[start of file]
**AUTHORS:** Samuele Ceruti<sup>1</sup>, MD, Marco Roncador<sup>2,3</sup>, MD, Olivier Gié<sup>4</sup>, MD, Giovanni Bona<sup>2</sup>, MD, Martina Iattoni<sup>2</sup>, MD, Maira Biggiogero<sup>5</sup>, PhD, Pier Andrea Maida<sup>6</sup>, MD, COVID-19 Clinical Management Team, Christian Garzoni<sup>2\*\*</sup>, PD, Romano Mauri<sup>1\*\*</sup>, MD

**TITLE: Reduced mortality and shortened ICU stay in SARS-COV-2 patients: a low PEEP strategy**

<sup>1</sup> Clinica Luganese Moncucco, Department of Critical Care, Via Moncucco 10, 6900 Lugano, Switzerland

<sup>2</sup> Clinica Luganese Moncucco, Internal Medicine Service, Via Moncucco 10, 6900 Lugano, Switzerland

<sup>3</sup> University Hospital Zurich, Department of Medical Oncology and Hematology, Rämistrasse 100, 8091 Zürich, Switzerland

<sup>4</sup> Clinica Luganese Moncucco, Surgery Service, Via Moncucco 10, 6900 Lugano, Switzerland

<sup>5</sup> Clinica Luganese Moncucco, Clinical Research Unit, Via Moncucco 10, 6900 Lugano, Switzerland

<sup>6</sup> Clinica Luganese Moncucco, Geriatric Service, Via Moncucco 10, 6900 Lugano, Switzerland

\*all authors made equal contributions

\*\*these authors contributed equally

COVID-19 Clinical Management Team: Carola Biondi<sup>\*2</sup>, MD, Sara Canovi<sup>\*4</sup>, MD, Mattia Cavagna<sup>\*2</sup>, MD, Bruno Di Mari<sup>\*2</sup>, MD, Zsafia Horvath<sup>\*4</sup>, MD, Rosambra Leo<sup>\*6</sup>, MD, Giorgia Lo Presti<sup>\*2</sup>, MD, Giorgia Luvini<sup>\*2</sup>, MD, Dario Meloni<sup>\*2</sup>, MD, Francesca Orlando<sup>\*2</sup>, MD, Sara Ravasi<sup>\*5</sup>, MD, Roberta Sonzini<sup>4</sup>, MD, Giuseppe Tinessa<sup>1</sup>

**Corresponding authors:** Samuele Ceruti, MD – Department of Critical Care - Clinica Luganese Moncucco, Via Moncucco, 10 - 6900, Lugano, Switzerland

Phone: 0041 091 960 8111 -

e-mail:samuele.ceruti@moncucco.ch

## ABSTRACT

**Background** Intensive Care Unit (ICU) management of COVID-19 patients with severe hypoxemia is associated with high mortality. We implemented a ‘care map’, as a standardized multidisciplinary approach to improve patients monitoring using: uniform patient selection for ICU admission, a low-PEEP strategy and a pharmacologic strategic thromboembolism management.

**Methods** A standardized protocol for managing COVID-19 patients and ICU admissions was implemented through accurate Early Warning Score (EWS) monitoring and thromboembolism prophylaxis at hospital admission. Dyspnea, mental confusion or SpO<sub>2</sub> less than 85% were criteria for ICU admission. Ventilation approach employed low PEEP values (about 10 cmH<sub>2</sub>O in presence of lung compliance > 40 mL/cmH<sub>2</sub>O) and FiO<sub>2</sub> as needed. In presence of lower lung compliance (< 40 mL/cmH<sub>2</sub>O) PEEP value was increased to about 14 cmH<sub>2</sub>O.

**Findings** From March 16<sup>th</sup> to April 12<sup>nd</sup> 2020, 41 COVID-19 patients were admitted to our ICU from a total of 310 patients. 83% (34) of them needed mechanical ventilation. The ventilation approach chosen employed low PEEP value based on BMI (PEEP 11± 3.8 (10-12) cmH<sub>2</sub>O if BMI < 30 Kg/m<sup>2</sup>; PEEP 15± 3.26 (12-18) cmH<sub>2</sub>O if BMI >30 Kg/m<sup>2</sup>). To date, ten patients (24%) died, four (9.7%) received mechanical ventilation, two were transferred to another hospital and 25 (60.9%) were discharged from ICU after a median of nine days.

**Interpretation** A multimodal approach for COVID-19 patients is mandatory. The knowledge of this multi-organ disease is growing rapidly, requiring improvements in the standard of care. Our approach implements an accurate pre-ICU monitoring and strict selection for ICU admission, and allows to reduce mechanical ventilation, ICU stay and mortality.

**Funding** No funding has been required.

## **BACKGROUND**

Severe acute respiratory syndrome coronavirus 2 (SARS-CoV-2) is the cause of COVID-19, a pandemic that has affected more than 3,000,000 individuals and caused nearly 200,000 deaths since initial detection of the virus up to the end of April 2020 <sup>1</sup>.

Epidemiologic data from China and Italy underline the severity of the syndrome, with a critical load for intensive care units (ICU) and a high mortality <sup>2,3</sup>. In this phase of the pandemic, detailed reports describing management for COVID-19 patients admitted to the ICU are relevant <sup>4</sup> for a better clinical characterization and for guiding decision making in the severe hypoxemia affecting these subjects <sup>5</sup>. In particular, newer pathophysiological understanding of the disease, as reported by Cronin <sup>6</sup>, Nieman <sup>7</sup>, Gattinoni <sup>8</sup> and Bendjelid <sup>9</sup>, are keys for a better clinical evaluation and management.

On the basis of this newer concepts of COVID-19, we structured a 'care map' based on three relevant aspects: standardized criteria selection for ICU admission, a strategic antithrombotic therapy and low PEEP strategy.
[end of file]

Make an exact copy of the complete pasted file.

**AUTHORS:** Samuele Ceruti<sup>1</sup>, MD, Marco Roncador<sup>2,3</sup>, MD, Olivier Gié<sup>4</sup>, MD, Giovanni Bona<sup>2</sup>, MD, Martina Iattoni<sup>2</sup>, MD, Maira Biggiogero<sup>5</sup>, PhD, Pier Andrea Maida<sup>6</sup>, MD, COVID-19 Clinical Management Team, Christian Garzoni<sup>2\*\*</sup>, PD, Romano Mauri<sup>1\*\*</sup>, MD

**TITLE: Reduced mortality and shortened ICU stay in SARS-COV-2 patients: a low PEEP strategy**

<sup>1</sup> Clinica Luganese Moncucco, Department of Critical Care, Via Moncucco 10, 6900 Lugano, Switzerland

<sup>2</sup> Clinica Luganese Moncucco, Internal Medicine Service, Via Moncucco 10, 6900 Lugano, Switzerland

<sup>3</sup> University Hospital Zurich, Department of Medical Oncology and Hematology, Rämistrasse 100, 8091 Zürich, Switzerland

<sup>4</sup> Clinica Luganese Moncucco, Surgery Service, Via Moncucco 10, 6900 Lugano, Switzerland

<sup>5</sup> Clinica Luganese Moncucco, Clinical Research Unit, Via Moncucco 10, 6900 Lugano, Switzerland

<sup>6</sup> Clinica Luganese Moncucco, Geriatric Service, Via Moncucco 10, 6900 Lugano, Switzerland

\*all authors made equal contributions

\*\*these authors contributed equally

COVID-19 Clinical Management Team: Carola Biondi<sup>\*2</sup>, MD, Sara Canovi<sup>\*4</sup>, MD, Mattia Cavagna<sup>\*2</sup>, MD, Bruno Di Mari<sup>\*2</sup>, MD, Zsafia Horvath<sup>\*4</sup>, MD, Rosambra Leo<sup>\*6</sup>, MD, Giorgia Lo Presti<sup>\*2</sup>, MD, Giorgia Luvini<sup>\*2</sup>, MD, Dario Meloni<sup>\*2</sup>, MD, Francesca Orlando<sup>\*2</sup>, MD, Sara Ravasi<sup>\*5</sup>, MD, Roberta Sonzini<sup>4</sup>, MD, Giuseppe Tinessa<sup>1</sup>

**Corresponding authors:** Samuele Ceruti, MD – Department of Critical Care - Clinica Luganese Moncucco, Via Moncucco, 10 - 6900, Lugano, Switzerland

Phone: 0041 091 960 8111 -

e-mail:samuele.ceruti@moncucco.ch

## ABSTRACT

**Background** Intensive Care Unit (ICU) management of COVID-19 patients with severe hypoxemia is associated with high mortality. We implemented a ‘care map’, as a standardized multidisciplinary approach to improve patients monitoring using: uniform patient selection for ICU admission, a low-PEEP strategy and a pharmacologic strategic thromboembolism management.

**Methods** A standardized protocol for managing COVID-19 patients and ICU admissions was implemented through accurate Early Warning Score (EWS) monitoring and thromboembolism prophylaxis at hospital admission. Dyspnea, mental confusion or SpO<sub>2</sub> less than 85% were criteria for ICU admission. Ventilation approach employed low PEEP values (about 10 cmH<sub>2</sub>O in presence of lung compliance > 40 mL/cmH<sub>2</sub>O) and FiO<sub>2</sub> as needed. In presence of lower lung compliance (< 40 mL/cmH<sub>2</sub>O) PEEP value was increased to about 14 cmH<sub>2</sub>O.

**Findings** From March 16<sup>th</sup> to April 12<sup>nd</sup> 2020, 41 COVID-19 patients were admitted to our ICU from a total of 310 patients. 83% (34) of them needed mechanical ventilation. The ventilation approach chosen employed low PEEP value based on BMI (PEEP 11± 3.8 (10-12) cmH<sub>2</sub>O if BMI < 30 Kg/m<sup>2</sup>; PEEP 15± 3.26 (12-18) cmH<sub>2</sub>O if BMI >30 Kg/m<sup>2</sup>). To date, ten patients (24%) died, four (9.7%) received mechanical ventilation, two were transferred to another hospital and 25 (60.9%) were discharged from ICU after a median of nine days.

**Interpretation** A multimodal approach for COVID-19 patients is mandatory. The knowledge of this multi-organ disease is growing rapidly, requiring improvements in the standard of care. Our approach implements an accurate pre-ICU monitoring and strict selection for ICU admission, and allows to reduce mechanical ventilation, ICU stay and mortality.

**Funding** No funding has been required.

## **BACKGROUND**

Severe acute respiratory syndrome coronavirus 2 (SARS-CoV-2) is the cause of COVID-19, a pandemic that has affected more than 3,000,000 individuals and caused nearly 200,000 deaths since initial detection of the virus up to the end of April 2020 <sup>1</sup>.

Epidemiologic data from China and Italy underline the severity of the syndrome, with a critical load for intensive care units (ICU) and a high mortality <sup>2,3</sup>. In this phase of the pandemic, detailed reports describing management for COVID-19 patients admitted to the ICU are relevant <sup>4</sup> for a better clinical characterization and for guiding decision making in the severe hypoxemia affecting these subjects <sup>5</sup>. In particular, newer pathophysiological understanding of the disease, as reported by Cronin <sup>6</sup>, Nieman <sup>7</sup>, Gattinoni <sup>8</sup> and Bendjelid <sup>9</sup>, are keys for a better clinical evaluation and management.

On the basis of this newer concepts of COVID-19, we structured a 'care map' based on three relevant aspects: standardized criteria selection for ICU admission, a strategic antithrombotic therapy and low PEEP strategy.